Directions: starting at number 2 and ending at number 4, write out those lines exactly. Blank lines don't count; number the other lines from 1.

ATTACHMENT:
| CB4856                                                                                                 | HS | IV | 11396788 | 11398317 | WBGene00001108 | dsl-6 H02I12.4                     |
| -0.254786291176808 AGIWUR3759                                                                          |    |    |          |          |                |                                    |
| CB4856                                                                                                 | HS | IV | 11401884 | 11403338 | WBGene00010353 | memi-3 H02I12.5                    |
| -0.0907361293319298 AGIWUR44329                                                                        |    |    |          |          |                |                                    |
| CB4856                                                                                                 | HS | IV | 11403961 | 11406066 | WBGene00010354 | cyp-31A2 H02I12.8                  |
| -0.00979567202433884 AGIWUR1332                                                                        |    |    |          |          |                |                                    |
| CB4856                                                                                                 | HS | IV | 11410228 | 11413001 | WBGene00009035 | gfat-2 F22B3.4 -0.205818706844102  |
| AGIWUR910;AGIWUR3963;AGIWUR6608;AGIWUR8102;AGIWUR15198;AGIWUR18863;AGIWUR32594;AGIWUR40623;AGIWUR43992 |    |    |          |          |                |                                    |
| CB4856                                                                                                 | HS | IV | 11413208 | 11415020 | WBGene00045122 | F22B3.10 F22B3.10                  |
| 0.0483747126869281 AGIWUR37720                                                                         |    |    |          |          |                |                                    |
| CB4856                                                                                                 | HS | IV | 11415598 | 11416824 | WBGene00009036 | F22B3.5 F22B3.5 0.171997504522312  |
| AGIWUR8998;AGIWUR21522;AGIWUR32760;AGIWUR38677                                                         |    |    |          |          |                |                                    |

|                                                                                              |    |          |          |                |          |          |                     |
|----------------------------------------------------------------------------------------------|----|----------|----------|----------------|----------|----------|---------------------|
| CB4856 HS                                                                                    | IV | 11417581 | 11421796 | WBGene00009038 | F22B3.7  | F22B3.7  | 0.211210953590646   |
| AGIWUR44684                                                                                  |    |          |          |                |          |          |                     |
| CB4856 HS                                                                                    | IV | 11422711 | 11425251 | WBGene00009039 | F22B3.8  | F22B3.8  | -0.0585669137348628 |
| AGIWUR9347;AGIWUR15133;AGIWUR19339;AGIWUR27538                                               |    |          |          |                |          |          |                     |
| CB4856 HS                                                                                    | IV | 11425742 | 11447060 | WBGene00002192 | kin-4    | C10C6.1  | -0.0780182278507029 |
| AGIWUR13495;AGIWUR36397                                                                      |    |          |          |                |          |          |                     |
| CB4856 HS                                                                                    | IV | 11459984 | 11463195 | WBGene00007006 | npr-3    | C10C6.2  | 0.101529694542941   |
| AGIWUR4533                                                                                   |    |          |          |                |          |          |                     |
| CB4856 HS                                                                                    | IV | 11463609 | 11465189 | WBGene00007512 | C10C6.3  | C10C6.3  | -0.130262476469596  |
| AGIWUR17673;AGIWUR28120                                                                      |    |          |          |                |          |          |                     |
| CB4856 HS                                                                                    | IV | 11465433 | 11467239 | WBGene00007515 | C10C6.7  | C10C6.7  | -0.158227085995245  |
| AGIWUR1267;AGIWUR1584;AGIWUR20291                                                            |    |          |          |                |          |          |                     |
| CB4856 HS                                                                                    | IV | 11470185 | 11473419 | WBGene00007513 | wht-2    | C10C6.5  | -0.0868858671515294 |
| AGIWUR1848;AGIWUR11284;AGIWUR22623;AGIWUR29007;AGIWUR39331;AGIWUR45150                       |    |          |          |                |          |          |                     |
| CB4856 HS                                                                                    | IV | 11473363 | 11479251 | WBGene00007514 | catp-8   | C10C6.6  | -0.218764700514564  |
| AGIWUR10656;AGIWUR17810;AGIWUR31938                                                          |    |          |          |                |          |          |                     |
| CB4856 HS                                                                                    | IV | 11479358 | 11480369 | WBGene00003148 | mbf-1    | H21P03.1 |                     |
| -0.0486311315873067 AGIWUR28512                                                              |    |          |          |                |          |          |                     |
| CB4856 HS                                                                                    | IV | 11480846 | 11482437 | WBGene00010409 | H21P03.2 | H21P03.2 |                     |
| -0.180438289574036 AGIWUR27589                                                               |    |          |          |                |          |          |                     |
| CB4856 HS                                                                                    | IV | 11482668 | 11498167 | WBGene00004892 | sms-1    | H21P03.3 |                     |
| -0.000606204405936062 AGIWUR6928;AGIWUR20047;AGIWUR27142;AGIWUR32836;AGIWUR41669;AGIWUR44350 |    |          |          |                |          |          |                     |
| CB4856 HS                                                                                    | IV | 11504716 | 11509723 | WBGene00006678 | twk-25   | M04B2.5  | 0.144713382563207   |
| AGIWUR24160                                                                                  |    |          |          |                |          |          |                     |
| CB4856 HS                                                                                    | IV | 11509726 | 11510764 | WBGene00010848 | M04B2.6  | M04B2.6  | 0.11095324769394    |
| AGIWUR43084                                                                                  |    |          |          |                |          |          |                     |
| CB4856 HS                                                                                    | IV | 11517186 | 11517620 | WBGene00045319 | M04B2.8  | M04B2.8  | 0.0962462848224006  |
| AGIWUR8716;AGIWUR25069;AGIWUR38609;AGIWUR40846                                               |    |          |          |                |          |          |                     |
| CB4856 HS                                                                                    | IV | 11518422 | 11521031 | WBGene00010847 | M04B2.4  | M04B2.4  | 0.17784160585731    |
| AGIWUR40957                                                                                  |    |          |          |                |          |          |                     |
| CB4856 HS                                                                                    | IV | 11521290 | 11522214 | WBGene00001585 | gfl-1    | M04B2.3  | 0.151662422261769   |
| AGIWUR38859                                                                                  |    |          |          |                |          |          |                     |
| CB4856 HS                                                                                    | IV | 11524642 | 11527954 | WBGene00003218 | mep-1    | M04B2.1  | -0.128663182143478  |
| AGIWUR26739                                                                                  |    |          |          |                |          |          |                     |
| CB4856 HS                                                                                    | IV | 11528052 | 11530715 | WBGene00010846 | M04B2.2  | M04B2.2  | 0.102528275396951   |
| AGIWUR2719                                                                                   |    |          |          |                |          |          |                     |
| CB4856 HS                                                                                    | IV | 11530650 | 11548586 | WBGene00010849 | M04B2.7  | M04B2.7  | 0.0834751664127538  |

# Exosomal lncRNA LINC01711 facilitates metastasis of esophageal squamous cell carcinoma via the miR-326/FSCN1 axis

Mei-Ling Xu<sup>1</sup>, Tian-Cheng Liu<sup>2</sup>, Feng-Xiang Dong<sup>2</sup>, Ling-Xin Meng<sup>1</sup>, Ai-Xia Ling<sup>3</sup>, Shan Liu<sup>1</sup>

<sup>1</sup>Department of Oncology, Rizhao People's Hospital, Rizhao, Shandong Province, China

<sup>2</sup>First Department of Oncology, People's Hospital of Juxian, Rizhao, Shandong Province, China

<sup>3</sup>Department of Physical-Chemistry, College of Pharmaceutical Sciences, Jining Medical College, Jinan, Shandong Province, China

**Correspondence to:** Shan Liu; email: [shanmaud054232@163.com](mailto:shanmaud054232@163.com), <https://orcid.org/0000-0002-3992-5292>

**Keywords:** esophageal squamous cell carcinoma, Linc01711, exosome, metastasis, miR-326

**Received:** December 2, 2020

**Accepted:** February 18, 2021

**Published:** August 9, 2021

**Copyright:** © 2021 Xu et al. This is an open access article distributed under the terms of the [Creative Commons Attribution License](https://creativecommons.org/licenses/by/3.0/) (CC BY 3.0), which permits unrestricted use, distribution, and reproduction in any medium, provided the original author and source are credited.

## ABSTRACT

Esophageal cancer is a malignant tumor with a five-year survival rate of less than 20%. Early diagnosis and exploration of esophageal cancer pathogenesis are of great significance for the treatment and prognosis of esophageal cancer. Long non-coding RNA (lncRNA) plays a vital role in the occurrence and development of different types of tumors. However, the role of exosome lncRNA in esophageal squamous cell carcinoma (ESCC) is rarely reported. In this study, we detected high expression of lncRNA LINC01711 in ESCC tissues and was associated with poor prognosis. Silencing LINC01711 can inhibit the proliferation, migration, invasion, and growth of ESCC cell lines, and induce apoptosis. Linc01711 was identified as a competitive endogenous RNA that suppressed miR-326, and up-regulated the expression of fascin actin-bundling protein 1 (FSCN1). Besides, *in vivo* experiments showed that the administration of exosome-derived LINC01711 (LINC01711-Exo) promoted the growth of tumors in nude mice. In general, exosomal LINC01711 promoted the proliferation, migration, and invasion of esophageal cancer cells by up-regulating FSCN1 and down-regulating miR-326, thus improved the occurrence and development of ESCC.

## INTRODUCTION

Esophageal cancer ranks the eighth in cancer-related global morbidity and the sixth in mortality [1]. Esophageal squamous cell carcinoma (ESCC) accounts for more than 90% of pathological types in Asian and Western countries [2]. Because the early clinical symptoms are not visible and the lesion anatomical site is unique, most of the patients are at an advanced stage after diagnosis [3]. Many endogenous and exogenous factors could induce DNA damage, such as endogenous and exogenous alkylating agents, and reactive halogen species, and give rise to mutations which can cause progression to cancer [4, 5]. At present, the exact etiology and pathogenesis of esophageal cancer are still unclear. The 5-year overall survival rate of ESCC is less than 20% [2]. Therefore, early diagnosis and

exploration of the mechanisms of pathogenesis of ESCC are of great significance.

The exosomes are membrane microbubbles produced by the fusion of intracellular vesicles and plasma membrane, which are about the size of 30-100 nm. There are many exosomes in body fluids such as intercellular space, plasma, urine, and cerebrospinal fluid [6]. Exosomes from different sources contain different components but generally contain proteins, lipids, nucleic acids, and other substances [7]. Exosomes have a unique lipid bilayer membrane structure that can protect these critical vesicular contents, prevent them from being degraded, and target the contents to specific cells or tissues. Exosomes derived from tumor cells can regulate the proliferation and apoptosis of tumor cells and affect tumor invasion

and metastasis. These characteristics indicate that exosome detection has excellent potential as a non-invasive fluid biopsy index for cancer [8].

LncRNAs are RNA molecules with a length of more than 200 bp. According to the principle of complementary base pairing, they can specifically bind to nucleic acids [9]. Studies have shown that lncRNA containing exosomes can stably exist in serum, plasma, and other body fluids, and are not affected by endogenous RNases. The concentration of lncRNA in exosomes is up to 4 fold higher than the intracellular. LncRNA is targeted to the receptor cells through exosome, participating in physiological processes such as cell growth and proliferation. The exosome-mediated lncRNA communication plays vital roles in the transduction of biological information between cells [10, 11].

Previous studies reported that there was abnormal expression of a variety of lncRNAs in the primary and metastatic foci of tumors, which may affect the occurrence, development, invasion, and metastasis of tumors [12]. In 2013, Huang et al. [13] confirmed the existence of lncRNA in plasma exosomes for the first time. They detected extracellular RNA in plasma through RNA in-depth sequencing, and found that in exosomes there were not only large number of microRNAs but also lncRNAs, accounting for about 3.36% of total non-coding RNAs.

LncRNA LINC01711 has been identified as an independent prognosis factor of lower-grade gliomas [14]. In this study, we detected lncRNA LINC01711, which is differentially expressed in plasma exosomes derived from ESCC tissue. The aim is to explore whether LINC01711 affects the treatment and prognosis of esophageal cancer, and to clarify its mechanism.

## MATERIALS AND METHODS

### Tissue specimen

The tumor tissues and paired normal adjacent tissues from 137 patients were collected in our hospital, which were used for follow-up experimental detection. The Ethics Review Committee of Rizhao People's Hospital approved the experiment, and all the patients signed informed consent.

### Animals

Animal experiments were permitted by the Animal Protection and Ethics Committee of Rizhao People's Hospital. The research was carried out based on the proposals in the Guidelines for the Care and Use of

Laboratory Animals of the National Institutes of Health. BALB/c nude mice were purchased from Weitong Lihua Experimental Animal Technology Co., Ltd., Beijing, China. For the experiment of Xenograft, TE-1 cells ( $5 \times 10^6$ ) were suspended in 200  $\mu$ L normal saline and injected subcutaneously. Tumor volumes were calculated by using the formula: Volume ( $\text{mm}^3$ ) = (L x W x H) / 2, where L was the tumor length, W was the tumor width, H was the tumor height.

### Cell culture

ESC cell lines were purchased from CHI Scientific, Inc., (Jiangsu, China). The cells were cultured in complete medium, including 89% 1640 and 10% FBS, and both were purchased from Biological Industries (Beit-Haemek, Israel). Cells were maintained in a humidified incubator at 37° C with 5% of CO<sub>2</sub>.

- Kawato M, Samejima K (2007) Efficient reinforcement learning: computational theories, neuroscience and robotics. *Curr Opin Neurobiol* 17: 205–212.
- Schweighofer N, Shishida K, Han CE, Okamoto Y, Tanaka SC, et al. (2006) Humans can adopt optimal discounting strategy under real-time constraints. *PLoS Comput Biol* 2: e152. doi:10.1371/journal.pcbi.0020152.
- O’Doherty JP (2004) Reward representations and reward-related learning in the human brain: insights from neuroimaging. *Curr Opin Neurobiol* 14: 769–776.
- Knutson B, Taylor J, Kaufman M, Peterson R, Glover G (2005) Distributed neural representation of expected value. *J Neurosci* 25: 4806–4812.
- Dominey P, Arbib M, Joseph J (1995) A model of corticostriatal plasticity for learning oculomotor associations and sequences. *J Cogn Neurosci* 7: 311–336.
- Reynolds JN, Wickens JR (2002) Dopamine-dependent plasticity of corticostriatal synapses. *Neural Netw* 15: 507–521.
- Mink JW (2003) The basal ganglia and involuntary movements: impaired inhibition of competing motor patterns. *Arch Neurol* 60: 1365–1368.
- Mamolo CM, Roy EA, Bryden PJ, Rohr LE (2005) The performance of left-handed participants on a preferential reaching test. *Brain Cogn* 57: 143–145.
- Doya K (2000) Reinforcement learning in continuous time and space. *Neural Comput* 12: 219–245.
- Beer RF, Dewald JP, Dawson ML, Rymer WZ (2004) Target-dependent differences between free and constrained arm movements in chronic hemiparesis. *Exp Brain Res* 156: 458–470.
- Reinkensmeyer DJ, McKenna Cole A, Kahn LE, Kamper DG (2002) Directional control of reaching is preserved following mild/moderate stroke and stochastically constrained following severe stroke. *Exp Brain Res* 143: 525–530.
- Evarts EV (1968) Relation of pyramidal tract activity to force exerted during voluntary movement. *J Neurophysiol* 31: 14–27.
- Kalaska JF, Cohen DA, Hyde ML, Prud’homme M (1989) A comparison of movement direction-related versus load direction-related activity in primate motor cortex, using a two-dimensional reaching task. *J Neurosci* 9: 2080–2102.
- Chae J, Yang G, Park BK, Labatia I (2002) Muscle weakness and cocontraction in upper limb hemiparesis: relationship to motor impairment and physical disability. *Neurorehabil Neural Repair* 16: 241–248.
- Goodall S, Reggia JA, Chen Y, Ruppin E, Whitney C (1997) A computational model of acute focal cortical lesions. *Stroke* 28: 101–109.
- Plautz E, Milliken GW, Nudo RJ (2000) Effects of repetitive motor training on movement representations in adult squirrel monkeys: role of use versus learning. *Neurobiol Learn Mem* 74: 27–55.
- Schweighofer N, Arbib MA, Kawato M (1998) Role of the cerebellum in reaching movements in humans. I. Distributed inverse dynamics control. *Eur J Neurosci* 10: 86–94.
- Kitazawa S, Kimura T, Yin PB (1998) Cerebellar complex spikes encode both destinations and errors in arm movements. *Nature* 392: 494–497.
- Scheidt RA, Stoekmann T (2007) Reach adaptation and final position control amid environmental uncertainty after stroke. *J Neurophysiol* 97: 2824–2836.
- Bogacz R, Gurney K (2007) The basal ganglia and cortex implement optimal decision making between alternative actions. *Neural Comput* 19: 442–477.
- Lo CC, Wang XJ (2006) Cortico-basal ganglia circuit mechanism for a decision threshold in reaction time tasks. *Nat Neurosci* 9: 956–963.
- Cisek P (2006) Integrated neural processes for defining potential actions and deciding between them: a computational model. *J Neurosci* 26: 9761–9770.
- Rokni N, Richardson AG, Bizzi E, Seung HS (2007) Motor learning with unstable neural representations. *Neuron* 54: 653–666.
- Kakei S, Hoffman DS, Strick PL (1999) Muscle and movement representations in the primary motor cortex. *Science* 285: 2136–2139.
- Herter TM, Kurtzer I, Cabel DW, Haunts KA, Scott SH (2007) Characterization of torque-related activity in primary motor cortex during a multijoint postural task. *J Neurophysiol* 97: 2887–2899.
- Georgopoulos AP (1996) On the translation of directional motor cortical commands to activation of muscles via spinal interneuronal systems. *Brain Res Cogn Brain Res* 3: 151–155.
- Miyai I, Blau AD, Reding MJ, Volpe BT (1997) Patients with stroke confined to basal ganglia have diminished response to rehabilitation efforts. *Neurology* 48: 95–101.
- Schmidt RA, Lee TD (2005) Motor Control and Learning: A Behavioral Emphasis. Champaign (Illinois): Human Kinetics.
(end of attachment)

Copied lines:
| -0.254786291176808 AGIWUR3759                                                                          |    |    |          |          |                |                                    |
| CB4856                                                                                                 | HS | IV | 11401884 | 11403338 | WBGene00010353 | memi-3 H02I12.5                    |
| -0.0907361293319298 AGIWUR44329                                                                        |    |    |          |          |                |                                    |